Does homeowner’s insurance cover renovations? Yes, homeowners insurance can cover renovations, but potential renovations could leave you with inadequate coverage throughout and after the project. However, the coverage of homeowners insurance you purchase is based on several factors. These include your residence’s size, condition, and the expense of reconstruction. Moreover, confirm that your contractor has enough liability insurance and worker compensation protection.
Choosing to enhance your liability coverage limits for a specific period of the renovation is the right choice in case of mishaps or injuries. Home insurance can provide coverage for injuries or theft incidents during your home renovation. It doesn’t cover the actual renovation work. Your insurance can cover expenses related to repairing. Or reconstructing your home after the destruction caused by specified perils, limited to the pre-damaged.
Additionally, the renovation made to your house before the damage occurred may be included in your coverage if you adjust your policy accordingly. An instance is enhancing your dwelling coverage limit to accommodate superior building materials or additions. It’s important to consult with your homeowner’s insurance agent concerning your renovation plans to determine whether an increase in coverage is advisable.
Types of Renovations That Affect Homeowners Insurance
The forms of renovation you establish in your house affect the rate of your insurance requirements. Generally, any form that enhances your home’s value will specify the requirement for insurance protection and the associated higher premiums.
Including an addition is a potential renovation that enhances your home’s square footage and would improve the value of your home. For instance, constructing a family room at the back of your residence or including a dormer to enhance the second-floor space increases the value of your home.
Typically, the best time to contact your insurer concerning a home addition is during the planning phase. Once you have completed the architectural drawings, contact your insurance representative and inform them of your intentions.
Major Renovations and Improvements
Even though projects like improving your kitchen or bathroom don’t expand your home’s square footage, they can still affect your homeowner’s policy. Major interior renovations involve replacing old, outdated elements with new ones.
However, it might be right to secure replacement cost value instead of actual cash value if your current policy lacks this coverage. Although the former may be of higher cost as it provides additional financial protection for the upgraded, higher-grade elements in your home,.
Adding a pool, sauna, or hot tub
These components can offer the best deals, including extra home value, but also pose a liability risk. However, accidents or injuries are visible, enabling insurers to safeguard against liability claims by raising your premium when you install such elements.
Additionally, your insurer might ask you to install a fence or nighttime lighting around any water features on your property.
Replacing the Roof
Obtaining a new roof increases your home’s value and also affects your premium rate, with many insurers offering discounts for this improvement. In coastal areas close to hurricanes or wind storms, discounts may be available if you select damage-resistant materials for your roof.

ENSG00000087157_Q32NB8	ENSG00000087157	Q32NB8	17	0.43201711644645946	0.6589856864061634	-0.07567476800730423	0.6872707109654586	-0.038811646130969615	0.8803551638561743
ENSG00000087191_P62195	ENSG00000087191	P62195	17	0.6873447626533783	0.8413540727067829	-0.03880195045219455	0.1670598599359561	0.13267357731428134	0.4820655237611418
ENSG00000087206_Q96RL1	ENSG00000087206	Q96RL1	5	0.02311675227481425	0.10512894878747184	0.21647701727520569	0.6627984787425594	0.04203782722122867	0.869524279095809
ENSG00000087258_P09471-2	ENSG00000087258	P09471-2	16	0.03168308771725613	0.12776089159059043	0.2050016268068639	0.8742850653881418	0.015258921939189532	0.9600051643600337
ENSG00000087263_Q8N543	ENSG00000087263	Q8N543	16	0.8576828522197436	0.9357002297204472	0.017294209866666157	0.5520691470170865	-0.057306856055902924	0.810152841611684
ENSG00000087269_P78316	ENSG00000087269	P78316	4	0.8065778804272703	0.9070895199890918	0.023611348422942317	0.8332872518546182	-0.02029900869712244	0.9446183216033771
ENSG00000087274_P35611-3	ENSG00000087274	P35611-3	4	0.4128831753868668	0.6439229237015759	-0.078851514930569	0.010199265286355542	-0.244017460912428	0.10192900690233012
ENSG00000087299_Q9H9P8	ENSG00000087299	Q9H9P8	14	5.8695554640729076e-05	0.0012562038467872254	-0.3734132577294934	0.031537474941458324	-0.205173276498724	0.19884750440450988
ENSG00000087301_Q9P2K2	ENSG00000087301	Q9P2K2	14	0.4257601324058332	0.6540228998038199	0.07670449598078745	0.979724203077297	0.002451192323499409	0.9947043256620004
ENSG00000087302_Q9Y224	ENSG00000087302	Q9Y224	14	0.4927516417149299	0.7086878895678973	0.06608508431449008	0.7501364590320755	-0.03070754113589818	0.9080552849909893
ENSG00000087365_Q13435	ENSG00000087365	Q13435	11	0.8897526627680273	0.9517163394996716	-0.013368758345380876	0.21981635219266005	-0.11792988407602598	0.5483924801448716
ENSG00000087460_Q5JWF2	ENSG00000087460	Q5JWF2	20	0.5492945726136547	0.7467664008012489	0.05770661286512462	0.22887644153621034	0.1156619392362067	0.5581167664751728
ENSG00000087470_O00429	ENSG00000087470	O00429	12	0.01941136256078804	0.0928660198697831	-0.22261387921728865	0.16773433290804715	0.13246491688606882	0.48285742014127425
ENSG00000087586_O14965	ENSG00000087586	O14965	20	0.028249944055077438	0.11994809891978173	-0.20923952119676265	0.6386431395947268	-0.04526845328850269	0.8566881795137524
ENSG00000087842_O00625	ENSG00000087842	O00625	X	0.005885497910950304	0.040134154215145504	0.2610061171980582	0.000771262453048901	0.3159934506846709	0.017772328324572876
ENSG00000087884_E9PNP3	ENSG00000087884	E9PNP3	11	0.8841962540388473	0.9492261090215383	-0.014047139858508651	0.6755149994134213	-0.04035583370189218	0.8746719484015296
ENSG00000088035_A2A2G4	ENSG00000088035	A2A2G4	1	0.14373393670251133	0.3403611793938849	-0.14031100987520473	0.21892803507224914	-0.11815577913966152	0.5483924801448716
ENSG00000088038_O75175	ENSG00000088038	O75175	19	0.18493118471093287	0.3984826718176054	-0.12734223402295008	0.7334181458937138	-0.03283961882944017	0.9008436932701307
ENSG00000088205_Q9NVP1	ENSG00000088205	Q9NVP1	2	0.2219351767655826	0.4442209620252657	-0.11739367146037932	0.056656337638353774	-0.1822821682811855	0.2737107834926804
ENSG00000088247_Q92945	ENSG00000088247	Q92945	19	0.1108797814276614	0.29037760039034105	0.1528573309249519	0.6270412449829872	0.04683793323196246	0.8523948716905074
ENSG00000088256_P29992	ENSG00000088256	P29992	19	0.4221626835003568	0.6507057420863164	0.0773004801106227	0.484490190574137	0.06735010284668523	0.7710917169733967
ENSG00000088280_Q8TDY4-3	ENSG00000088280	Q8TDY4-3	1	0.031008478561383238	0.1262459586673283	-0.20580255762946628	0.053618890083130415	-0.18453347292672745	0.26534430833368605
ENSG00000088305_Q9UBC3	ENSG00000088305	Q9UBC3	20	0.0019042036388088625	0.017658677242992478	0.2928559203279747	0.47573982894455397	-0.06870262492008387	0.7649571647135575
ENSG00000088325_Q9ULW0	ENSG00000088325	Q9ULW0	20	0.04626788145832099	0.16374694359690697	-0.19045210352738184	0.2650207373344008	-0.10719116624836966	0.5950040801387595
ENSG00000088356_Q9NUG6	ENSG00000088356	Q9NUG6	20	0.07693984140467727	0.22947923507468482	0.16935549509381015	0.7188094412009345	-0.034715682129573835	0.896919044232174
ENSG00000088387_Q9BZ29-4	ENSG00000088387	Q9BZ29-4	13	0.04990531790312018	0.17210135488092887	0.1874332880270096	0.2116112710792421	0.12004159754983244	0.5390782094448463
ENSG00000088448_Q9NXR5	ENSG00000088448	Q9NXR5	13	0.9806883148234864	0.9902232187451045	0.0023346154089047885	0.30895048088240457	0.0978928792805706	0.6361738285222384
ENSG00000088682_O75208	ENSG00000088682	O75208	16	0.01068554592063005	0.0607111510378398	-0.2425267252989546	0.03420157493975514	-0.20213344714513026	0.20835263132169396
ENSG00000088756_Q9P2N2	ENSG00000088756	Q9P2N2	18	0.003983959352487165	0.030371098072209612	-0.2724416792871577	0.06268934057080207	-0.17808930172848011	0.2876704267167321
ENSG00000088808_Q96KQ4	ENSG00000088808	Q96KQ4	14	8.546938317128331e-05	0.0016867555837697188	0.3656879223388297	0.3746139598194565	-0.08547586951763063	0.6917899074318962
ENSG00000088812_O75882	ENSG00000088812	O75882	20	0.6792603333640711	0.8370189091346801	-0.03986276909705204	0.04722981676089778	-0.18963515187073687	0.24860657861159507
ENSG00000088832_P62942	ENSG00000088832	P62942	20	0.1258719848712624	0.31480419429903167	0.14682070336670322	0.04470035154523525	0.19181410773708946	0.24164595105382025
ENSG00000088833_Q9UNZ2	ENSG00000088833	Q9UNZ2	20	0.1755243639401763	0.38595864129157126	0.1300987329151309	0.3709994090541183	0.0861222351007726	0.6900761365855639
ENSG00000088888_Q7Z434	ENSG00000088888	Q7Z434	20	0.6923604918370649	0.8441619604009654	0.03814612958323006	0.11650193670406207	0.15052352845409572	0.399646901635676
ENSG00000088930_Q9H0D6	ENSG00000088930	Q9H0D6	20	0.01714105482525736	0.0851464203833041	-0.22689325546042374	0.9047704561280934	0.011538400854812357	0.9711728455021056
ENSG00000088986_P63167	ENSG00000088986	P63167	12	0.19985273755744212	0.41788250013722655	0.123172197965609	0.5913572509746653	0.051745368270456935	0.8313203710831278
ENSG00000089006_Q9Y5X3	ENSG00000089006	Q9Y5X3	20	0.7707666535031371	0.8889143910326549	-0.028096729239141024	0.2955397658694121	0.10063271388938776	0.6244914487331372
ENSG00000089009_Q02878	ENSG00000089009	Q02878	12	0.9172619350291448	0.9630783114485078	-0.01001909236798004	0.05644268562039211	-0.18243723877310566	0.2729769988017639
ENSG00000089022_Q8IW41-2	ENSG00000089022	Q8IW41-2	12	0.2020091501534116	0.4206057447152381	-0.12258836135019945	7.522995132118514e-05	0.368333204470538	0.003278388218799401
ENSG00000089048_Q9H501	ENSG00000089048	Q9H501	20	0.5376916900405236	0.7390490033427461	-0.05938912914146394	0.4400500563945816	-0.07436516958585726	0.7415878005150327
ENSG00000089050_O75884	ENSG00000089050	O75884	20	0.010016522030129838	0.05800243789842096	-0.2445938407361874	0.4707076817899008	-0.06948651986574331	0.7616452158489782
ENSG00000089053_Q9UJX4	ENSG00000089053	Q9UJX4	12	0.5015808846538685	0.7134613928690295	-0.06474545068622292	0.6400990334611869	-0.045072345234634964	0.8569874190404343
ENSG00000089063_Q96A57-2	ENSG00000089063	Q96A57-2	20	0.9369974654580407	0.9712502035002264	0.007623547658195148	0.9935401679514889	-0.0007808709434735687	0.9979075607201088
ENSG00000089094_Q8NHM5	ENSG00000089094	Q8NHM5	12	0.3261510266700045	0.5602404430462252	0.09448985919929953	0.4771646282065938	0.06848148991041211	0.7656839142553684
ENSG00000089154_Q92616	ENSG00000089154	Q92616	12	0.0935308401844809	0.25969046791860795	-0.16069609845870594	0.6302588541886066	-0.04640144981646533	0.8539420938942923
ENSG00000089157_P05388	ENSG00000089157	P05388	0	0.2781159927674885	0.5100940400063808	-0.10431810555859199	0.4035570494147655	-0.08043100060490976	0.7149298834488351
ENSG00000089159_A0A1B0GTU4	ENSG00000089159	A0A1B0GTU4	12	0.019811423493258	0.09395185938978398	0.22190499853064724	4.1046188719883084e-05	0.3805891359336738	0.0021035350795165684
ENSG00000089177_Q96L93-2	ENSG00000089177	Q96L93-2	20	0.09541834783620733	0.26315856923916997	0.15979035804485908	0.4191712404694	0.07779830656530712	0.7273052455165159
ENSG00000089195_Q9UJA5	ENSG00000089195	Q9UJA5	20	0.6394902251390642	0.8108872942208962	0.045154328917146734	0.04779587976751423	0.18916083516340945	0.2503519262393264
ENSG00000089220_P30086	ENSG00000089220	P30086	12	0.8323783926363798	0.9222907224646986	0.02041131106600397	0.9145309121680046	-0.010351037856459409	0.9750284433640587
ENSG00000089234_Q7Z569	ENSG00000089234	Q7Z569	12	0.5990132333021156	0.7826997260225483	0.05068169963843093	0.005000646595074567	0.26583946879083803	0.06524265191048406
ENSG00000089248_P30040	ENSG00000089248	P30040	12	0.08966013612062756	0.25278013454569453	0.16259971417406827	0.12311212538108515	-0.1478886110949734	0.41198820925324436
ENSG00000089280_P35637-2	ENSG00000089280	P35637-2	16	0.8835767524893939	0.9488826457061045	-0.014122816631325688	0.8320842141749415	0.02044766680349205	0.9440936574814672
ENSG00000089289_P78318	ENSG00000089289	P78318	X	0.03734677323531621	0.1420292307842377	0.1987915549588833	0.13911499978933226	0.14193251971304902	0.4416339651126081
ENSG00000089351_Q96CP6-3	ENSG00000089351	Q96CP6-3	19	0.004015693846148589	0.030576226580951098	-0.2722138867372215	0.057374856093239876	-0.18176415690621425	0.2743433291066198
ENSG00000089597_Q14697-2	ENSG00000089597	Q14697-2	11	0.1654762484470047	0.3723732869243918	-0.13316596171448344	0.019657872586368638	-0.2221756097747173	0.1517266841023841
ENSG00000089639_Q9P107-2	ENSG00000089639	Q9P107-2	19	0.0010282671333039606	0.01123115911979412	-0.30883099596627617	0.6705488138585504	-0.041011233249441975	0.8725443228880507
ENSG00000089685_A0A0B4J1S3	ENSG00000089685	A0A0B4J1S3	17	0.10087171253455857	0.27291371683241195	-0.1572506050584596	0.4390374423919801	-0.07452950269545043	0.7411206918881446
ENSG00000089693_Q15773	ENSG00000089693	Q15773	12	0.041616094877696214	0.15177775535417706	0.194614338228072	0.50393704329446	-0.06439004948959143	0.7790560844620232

This leads to a minimum rate on your insurance after installing a new roof. Furthermore, a similar event applies if you install new locks or tamper-proof windows.
Lastly, it’s advisable to consult with your insurance agent about potential discounts for these security measures.
Adding a Home Office
If you’re working from home and require a firm home office, this renovation could affect your insurance policy. For instance, operating a business from your residence where visitors come to your property increases the risk of liability claims.
However, your standard homeowner’s insurance might not cover business-related claims occurring on your premises. Moreover, if you store items for business use on your property, it might have restricted personal property coverage.
How Much Does Home Renovation Cost?
The influence of home insurance during renovations determines the increased dwelling value of your residence. However, insurers calculate replacement costs, by multiplying your home’s square footage by the local construction cost per foot.
Typically, this involves the expense of reconstructing your home with materials of similar quality in your neighborhood. Moreover, your home is valued at $200,000 on the market. However, insurers might recommend coverage of $275,000 if construction costs are high.
Lastly, if a seller’s market increases your home’s market value, your dwelling coverage might be minimal if the calculated rebuild is less than the market value.
Am I Required to Improve My Homeowners Insurance After a Renovation?
No, you are not allowed to improve your homeowner’s policy after renovation. But it is a wise decision to make to provide coverage for yourself financially.
Do I Need to Increase My Coverage When Building a Garage at My Home?
It depends. If your garage is connected to your house, it could be covered by your home insurance. But if you have a separate garage, the other structure’s coverage covers it, usually up to 10% of your home’s coverage.
It’s essential to recognize that your coverage limits may not be enough to protect during and after the project, regardless of the nature of your renovations. To ensure you have the necessary coverage, converse with your insurance agent before the construction starts.